31 Jan 2015

Declining Oil Prices Present Buying Opportunities in Global Equity Markets

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Declining Oil Prices Present Buying Opportunities in Global Equity Markets
by Arild Holm, CFA , Research Analyst
Tiffany N. Lavastida, CFA, Portfolio Manager

Given the recent profound decline in crude oil prices, the global energy sector and related industrial suppliers are currently facing significant earnings downgrades. In the equity markets, cautious positioning and an eye for higher quality companies with resilient balance sheets are clearly warranted, particularly in the energy sector. Driven by lower oil prices, the benefits of consumer spending power and lower industrial input costs, however, should provide a stabilizing influence to the overall economic landscape in the United States and abroad.

Since the beginning of the downturn in oil prices, we have positioned our equity portfolios toward higher quality companies with stronger balance sheets, while reducing positions in stocks with weaker fundamentals and higher leverage where estimates are trailing negative expectations. Although we have tempered our enthusiasm for the energy sector, lower energy costs continue to underpin buying opportunities in several equity sectors. In the United States, lower oil prices have translated to lower gasoline prices, leading to more money in consumers’ pockets to spend on smaller ticket items (convenience stores, groceries, clothing, and drug stores), in turn helping companies’ sales at the margin. As such, our expectation for rising consumer
spending will be a further catalyst to global economic growth.

In just six years, oil production in the United States has risen substantially from an output low of five million barrels-per-day (mbpd), the lowest since 1946, to nearly nine mbpd, the most in nearly thirty years. The significant production surge can be primarily attributed to hydraulic fracturing or “fracking,” where energy producers inject liquids at high pressure into rock formations, creating fissures that allow oil and natural gas to be extracted. With strong production growth in the Bakken field (North Dakota), Permian Basin (West Texas), and Eagle Ford (South Texas), U.S. imports of crude oil have dropped 25%-30% since 2006. Meanwhile, due to slowing growth in China and a faltering recovery in Europe, global oil demand continues to erode. In fact, the International Energy Agency (IEA) has cut global oil demand projections for 2014 and 2015 three times recently.

The magnitude of the oil price decline will materially alter the landscape for future capital investment amongst energy producers. However, it is not likely to impact projects that have already been started and funded. This has come to the forefront more recently with ConocoPhillips announcing their 2015 capex would be 20% lower than 2014, highlighting the impact of declining oil prices. Projects scheduled for 2016 and beyond, however, are facing the risk of delays, if not outright cancellations. The degree of delays and cancellations simply depends on future oil price movements, cash flow generation, and the energy industry’s ability to manage production decline rates (estimating reserves and predicting production in oil reservoirs and oil fields).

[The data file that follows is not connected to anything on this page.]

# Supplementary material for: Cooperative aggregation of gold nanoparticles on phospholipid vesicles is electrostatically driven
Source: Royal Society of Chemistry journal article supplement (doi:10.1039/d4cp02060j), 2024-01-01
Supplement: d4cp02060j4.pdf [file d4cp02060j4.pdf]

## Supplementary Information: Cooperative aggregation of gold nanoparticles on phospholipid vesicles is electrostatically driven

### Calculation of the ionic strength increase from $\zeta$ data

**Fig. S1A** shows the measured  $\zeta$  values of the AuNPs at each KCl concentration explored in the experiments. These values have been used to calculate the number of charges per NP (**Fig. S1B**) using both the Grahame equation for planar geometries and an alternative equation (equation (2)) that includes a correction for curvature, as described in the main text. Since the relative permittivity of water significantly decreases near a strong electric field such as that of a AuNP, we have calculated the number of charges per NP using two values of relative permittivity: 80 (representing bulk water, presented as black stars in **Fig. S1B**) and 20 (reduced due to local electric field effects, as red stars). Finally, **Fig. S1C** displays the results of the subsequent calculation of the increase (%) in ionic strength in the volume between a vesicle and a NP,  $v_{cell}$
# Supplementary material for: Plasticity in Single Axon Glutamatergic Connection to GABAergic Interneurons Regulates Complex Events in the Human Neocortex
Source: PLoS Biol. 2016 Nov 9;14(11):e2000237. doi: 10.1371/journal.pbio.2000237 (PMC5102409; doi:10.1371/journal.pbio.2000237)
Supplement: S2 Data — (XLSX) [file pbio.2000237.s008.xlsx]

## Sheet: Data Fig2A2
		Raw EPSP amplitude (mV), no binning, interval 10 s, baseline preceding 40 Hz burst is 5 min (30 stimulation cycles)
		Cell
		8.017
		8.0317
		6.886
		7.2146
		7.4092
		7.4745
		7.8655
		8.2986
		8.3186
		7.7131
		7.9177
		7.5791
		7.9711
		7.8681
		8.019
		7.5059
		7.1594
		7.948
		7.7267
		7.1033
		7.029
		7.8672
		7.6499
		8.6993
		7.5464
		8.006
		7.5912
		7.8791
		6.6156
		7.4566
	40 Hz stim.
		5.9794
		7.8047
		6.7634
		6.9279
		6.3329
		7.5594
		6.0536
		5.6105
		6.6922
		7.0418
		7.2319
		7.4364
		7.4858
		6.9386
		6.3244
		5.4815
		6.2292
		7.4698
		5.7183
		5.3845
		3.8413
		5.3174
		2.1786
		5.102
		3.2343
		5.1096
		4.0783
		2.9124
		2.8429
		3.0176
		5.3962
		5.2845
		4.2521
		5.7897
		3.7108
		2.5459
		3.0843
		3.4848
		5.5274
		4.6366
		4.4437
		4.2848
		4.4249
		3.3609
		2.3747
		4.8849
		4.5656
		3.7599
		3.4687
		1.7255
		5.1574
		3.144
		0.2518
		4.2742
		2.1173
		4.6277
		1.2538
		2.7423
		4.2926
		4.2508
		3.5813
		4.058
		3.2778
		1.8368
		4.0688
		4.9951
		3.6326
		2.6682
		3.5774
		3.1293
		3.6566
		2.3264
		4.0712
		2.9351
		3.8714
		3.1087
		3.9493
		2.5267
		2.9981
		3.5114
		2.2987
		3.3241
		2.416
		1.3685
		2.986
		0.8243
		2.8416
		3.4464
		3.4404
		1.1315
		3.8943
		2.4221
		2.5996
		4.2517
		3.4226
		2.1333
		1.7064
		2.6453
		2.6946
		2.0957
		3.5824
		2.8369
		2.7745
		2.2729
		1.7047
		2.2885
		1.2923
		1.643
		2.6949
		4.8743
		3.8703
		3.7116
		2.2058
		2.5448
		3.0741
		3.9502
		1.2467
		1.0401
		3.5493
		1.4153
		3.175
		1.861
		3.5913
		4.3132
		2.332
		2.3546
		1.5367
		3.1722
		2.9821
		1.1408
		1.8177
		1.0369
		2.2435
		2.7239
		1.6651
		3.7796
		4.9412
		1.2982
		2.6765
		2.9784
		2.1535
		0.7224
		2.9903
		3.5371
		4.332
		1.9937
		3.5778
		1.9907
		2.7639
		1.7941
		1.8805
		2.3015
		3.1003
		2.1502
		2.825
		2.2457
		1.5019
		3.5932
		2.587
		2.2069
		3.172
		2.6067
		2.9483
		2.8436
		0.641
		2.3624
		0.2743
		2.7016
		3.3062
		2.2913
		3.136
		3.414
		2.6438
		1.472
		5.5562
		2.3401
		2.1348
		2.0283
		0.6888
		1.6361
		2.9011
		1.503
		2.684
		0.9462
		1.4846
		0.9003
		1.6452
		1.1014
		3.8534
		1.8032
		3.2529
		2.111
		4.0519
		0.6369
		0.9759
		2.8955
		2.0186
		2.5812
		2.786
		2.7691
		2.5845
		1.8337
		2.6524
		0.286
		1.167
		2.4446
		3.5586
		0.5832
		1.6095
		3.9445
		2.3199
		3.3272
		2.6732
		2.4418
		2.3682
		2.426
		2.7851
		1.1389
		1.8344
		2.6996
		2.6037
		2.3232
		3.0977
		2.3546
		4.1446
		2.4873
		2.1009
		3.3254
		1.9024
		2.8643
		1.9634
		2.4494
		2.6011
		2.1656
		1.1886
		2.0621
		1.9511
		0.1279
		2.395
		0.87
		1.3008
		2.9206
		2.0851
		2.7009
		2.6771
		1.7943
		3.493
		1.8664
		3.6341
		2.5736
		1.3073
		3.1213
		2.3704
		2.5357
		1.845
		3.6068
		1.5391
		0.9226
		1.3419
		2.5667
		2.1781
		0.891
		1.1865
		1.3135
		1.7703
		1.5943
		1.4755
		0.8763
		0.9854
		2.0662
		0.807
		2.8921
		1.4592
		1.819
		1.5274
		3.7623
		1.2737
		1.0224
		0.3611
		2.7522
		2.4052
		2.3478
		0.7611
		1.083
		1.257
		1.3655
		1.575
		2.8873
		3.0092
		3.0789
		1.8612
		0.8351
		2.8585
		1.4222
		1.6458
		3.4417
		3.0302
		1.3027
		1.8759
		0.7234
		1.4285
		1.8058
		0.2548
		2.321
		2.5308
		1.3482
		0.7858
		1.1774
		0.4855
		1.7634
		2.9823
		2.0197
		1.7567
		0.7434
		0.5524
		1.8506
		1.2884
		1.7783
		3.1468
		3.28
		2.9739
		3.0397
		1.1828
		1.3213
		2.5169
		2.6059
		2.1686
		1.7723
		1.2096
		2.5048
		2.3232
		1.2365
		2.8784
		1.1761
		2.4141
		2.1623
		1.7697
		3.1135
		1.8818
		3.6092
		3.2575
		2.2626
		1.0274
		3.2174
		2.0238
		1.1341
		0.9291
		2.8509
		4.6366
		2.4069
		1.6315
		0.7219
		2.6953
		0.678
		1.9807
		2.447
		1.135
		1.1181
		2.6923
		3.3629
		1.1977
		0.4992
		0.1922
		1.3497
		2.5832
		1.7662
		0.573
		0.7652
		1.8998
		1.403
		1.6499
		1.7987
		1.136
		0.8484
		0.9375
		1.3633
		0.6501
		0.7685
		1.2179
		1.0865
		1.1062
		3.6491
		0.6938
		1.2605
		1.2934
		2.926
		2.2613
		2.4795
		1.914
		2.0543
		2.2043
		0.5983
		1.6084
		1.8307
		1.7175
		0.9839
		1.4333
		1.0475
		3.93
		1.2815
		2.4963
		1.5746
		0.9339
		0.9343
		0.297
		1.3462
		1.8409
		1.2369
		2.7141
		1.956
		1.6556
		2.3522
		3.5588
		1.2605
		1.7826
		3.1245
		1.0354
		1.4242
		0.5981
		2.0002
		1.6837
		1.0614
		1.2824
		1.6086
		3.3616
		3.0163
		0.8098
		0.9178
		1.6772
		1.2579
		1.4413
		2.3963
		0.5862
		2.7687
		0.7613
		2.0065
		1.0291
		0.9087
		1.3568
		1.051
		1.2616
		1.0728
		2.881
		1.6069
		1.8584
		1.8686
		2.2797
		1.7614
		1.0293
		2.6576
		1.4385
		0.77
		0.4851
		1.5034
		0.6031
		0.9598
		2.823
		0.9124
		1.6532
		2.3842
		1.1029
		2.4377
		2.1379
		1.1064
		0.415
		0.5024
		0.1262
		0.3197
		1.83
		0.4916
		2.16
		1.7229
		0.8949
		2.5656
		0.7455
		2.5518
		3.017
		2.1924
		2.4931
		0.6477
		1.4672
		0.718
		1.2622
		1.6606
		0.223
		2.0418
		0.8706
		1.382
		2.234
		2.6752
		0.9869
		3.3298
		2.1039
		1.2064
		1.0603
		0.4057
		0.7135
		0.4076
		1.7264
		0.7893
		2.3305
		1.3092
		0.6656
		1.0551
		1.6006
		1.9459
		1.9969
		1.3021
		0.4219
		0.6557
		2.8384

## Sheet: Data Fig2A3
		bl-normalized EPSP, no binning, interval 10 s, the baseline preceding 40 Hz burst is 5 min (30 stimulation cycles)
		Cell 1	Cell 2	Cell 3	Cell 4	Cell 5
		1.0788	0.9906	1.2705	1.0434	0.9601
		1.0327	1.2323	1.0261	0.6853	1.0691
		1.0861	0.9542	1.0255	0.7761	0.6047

In recent months, all eyes have been on OPEC for hints of possible production cuts. At the OPEC summit last November, no such agreement materialized, adding to the downward pressure on oil prices and heightening market volatility. This surprised a majority of market participants as oil prices and energy stocks sold off hard immediately following the announcement. Saudi Arabia, the largest OPEC oil exporter, led the push for no supply reduction and the resulting decision highlights its leadership position. Given their large cash reserve position, Saudi Arabia is the only OPEC member
that has the ability to cut sufficient production to realign supply and demand balances. Other OPEC members do not have the ability to cut production given their lack of financial reserves. Furthermore, while OPEC members have the lowest costs for producing oil, given that oil makes up a significant
portion of these government’s revenues, the market tends to refer to the oil price each country needs from a fiscal budget perspective. With a cost curve significantly lower than its global peers, perhaps this is an underlying reason why OPEC may be reluctant to reduce supply.

Rumors of a potential emergency OPEC meeting to reduce production and relieve some of the economic stress being endured have emerged, but both OPEC and an UAE official opposed, maintaining they will wait at least three months to review if the meeting is needed, even if oil prices fall as low as $40 per barrel. These comments highlight the region’s initiative to not lose further market share to non-OPEC countries, including the United States.

Emerging market countries, many of which are dependent on oil exports, also continue to face intensifying geopolitical uncertainty as higher oil prices are needed to balance their budgets. Indeed, some countries are beginning to feel the squeeze of the decline in oil prices. In Russia, for example, a country already faced with pressure from Western sanctions stemming from the crisis in Ukraine, the petroleum industry accounts for 54% of the country’s exports, highlighting the oil sensitivity of its economy. Since the start of November, the Russian ruble has depreciated approximately 30% driving Russia’s Central Bank to step in and drastically raise its interest rate to 17% (from 10.5%) in an attempt to stem the slide. The slide accelerated further, however, as the market viewed the move as further desperation. While the Finance Ministry stated they were prepared to sell as much as US $7 billion of reserves, the question is how long will such action contain the underlying issue? There is also a risk that Russia implements capital controls as they are likely going to